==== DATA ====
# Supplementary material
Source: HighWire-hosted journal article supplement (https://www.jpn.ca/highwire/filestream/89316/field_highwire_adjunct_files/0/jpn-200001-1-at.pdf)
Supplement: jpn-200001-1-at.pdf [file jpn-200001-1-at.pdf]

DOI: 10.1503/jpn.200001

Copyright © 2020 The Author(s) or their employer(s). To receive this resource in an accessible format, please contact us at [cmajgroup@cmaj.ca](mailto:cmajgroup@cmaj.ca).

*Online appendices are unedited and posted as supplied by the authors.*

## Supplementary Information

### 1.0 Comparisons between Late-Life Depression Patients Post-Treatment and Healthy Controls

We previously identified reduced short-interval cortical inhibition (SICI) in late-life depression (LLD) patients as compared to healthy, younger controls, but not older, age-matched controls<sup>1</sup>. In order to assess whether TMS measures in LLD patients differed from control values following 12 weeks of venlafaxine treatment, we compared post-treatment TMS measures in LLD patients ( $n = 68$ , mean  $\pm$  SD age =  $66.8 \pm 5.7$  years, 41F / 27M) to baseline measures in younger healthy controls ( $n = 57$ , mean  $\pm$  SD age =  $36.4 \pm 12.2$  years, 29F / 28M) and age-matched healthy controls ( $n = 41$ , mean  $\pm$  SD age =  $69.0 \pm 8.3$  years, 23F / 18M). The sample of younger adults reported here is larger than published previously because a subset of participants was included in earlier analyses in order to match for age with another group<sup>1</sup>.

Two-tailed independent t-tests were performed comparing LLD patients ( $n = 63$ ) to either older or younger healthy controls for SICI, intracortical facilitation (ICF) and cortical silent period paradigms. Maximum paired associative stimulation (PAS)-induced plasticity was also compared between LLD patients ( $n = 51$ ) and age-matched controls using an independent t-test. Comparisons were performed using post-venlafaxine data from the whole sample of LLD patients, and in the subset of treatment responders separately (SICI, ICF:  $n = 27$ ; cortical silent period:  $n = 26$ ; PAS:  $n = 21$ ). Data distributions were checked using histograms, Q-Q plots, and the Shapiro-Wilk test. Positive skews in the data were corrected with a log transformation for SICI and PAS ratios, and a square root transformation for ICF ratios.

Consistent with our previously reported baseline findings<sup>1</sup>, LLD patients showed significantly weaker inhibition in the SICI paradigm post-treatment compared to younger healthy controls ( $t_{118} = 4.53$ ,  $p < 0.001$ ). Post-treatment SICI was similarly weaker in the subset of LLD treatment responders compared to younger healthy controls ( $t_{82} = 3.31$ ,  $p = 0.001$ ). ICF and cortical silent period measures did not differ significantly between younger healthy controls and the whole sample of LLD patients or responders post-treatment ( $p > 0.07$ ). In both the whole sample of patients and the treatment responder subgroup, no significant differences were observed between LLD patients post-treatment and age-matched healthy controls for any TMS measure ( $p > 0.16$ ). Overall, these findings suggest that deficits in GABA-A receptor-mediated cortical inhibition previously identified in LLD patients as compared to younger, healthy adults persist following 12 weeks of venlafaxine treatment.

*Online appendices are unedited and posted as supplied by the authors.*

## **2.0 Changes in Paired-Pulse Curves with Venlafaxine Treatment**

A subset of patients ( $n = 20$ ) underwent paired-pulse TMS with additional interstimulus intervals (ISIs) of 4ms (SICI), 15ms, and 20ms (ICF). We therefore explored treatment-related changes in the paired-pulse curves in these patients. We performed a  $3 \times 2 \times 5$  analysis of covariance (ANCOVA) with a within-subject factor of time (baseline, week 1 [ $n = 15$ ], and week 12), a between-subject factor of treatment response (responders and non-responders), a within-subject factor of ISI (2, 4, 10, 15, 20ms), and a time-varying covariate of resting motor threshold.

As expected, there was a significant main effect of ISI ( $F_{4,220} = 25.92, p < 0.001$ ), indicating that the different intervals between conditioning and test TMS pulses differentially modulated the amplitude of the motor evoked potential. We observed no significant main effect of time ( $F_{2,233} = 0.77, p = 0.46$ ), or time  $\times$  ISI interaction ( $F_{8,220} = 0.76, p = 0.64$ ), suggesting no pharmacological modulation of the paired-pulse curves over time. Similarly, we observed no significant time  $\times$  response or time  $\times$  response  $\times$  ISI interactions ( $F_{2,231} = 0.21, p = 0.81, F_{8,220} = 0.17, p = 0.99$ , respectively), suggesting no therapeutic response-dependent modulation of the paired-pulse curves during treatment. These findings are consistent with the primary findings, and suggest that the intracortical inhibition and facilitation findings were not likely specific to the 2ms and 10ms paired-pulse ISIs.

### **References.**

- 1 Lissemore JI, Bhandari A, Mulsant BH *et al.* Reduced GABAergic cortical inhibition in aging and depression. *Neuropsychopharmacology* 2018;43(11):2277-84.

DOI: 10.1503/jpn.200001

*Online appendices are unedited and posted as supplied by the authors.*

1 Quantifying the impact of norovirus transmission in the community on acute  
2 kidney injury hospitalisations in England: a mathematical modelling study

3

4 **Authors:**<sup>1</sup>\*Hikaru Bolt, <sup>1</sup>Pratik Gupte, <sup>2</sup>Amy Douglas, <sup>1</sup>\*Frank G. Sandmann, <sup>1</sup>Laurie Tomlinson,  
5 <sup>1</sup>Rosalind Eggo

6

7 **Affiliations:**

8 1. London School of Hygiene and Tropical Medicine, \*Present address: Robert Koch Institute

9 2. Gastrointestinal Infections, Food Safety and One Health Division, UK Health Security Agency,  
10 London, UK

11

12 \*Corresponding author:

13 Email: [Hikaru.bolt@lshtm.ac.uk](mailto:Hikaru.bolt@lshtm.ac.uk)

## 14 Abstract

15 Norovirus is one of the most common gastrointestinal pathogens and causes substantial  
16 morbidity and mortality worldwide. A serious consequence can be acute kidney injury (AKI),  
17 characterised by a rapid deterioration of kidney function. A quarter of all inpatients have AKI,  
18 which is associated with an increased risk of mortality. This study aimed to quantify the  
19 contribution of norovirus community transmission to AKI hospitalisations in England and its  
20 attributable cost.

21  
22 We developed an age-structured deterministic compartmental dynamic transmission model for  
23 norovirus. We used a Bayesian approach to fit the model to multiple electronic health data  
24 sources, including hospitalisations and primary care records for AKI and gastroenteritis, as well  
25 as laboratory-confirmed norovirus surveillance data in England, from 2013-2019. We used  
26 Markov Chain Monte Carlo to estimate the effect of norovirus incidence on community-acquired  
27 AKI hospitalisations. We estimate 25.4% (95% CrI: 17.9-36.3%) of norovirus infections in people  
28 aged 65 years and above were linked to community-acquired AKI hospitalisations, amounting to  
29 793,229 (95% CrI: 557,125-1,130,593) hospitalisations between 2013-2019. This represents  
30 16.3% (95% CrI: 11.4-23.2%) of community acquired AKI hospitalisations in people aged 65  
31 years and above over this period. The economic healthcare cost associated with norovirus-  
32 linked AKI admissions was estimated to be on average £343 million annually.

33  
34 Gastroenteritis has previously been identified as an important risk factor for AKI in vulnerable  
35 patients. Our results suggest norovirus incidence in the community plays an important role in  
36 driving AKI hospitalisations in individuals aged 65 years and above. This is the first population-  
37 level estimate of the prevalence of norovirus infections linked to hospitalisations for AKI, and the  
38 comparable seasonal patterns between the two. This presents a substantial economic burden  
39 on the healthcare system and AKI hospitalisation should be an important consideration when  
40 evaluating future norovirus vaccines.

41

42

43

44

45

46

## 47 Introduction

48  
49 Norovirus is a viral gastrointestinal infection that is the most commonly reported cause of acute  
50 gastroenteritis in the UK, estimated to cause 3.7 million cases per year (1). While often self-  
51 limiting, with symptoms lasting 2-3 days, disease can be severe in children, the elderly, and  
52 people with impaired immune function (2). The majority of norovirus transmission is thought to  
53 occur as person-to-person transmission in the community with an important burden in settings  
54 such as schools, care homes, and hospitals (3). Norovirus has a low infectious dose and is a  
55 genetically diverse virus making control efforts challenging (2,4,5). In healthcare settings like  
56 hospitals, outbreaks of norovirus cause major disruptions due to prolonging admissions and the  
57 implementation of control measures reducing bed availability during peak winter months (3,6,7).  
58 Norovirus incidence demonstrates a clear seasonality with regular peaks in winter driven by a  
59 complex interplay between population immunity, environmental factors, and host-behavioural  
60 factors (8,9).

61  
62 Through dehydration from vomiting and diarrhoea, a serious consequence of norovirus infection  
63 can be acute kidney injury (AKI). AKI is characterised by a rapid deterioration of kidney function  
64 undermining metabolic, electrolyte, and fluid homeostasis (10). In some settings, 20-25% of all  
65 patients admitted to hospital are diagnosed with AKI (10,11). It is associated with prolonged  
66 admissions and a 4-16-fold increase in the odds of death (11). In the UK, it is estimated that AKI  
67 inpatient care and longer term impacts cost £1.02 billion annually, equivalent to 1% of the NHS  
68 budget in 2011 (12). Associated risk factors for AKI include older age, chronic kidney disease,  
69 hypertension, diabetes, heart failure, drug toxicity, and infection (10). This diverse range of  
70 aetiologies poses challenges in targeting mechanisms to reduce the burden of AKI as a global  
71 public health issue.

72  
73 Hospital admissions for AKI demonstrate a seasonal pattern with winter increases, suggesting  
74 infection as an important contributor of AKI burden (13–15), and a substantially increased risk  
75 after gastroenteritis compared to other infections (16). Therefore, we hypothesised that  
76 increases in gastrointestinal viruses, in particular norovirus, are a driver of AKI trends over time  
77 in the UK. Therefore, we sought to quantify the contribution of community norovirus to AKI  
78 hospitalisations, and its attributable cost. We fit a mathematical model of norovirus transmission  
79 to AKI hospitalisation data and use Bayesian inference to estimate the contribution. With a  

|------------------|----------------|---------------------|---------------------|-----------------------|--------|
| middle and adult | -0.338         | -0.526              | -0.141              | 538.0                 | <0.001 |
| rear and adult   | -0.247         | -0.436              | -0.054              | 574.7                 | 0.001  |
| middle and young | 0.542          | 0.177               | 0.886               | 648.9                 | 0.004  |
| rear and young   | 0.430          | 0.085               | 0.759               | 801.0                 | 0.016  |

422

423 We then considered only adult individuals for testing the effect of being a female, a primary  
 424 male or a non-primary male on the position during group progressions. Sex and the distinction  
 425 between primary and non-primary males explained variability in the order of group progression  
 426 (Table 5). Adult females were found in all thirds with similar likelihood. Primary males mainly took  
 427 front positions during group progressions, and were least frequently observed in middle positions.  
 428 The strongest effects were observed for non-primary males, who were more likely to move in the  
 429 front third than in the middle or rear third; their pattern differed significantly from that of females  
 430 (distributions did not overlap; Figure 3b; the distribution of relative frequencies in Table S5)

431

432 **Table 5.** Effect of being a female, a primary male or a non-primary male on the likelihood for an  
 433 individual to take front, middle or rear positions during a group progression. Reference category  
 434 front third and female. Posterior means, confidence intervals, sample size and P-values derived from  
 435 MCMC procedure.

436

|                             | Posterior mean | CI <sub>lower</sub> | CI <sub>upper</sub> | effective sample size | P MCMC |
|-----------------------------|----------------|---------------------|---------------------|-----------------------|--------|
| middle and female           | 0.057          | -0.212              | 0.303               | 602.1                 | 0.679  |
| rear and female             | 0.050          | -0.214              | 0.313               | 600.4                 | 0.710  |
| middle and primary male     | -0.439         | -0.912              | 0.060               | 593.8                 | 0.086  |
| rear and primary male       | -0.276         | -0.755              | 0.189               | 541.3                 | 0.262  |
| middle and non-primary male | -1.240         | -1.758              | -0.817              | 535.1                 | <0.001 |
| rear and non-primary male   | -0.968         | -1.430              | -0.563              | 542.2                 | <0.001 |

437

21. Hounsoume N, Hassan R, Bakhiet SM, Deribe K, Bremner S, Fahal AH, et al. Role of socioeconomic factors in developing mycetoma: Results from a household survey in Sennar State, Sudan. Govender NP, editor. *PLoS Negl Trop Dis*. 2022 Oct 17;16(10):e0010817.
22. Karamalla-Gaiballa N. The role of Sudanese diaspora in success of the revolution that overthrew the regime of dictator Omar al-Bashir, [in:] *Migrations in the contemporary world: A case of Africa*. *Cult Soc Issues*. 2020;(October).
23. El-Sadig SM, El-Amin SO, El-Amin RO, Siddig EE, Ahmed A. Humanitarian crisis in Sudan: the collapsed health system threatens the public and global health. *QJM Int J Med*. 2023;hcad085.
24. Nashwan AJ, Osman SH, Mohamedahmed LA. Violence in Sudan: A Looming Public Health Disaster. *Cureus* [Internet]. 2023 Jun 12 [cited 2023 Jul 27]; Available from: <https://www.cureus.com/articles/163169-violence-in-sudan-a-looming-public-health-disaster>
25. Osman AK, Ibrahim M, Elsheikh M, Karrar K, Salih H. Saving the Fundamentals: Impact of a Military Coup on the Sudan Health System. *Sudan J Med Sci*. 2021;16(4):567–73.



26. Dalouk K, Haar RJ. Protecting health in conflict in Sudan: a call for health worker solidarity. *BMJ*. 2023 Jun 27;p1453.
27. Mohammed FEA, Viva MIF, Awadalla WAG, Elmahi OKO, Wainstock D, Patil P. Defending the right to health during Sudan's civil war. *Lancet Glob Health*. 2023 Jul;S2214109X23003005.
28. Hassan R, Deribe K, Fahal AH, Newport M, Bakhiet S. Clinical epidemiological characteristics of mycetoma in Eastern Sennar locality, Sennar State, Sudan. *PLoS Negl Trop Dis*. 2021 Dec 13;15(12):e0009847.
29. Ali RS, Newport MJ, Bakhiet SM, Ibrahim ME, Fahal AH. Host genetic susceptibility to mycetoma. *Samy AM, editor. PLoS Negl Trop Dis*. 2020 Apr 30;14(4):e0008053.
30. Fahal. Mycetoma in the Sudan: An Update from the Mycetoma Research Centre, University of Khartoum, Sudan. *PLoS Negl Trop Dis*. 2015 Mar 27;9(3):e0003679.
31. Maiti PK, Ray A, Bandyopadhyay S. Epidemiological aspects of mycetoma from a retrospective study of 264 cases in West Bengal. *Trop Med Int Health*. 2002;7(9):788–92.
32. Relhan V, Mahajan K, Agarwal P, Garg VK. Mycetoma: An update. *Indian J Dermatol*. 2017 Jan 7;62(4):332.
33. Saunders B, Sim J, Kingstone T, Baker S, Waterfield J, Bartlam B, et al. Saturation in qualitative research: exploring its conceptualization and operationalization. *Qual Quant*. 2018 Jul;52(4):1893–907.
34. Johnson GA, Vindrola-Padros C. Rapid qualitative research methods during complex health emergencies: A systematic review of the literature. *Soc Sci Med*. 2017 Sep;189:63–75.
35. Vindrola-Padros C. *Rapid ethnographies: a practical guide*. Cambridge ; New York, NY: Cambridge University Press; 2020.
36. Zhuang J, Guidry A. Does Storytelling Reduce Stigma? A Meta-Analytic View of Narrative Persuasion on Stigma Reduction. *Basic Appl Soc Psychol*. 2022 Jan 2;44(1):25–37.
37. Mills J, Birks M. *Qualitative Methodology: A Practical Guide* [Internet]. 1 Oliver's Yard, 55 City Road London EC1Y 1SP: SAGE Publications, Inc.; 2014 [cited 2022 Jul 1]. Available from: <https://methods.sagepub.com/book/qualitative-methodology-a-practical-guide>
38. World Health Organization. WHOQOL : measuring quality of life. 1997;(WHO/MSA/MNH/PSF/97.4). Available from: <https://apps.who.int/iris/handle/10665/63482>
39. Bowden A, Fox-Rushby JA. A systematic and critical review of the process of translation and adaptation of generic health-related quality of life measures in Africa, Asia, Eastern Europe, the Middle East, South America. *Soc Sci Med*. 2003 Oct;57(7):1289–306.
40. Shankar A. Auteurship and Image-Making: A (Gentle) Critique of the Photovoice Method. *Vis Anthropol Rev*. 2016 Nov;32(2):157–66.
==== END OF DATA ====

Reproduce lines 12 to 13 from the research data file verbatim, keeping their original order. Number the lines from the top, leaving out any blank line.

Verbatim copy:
*Online appendices are unedited and posted as supplied by the authors.*

## **2.0 Changes in Paired-Pulse Curves with Venlafaxine Treatment**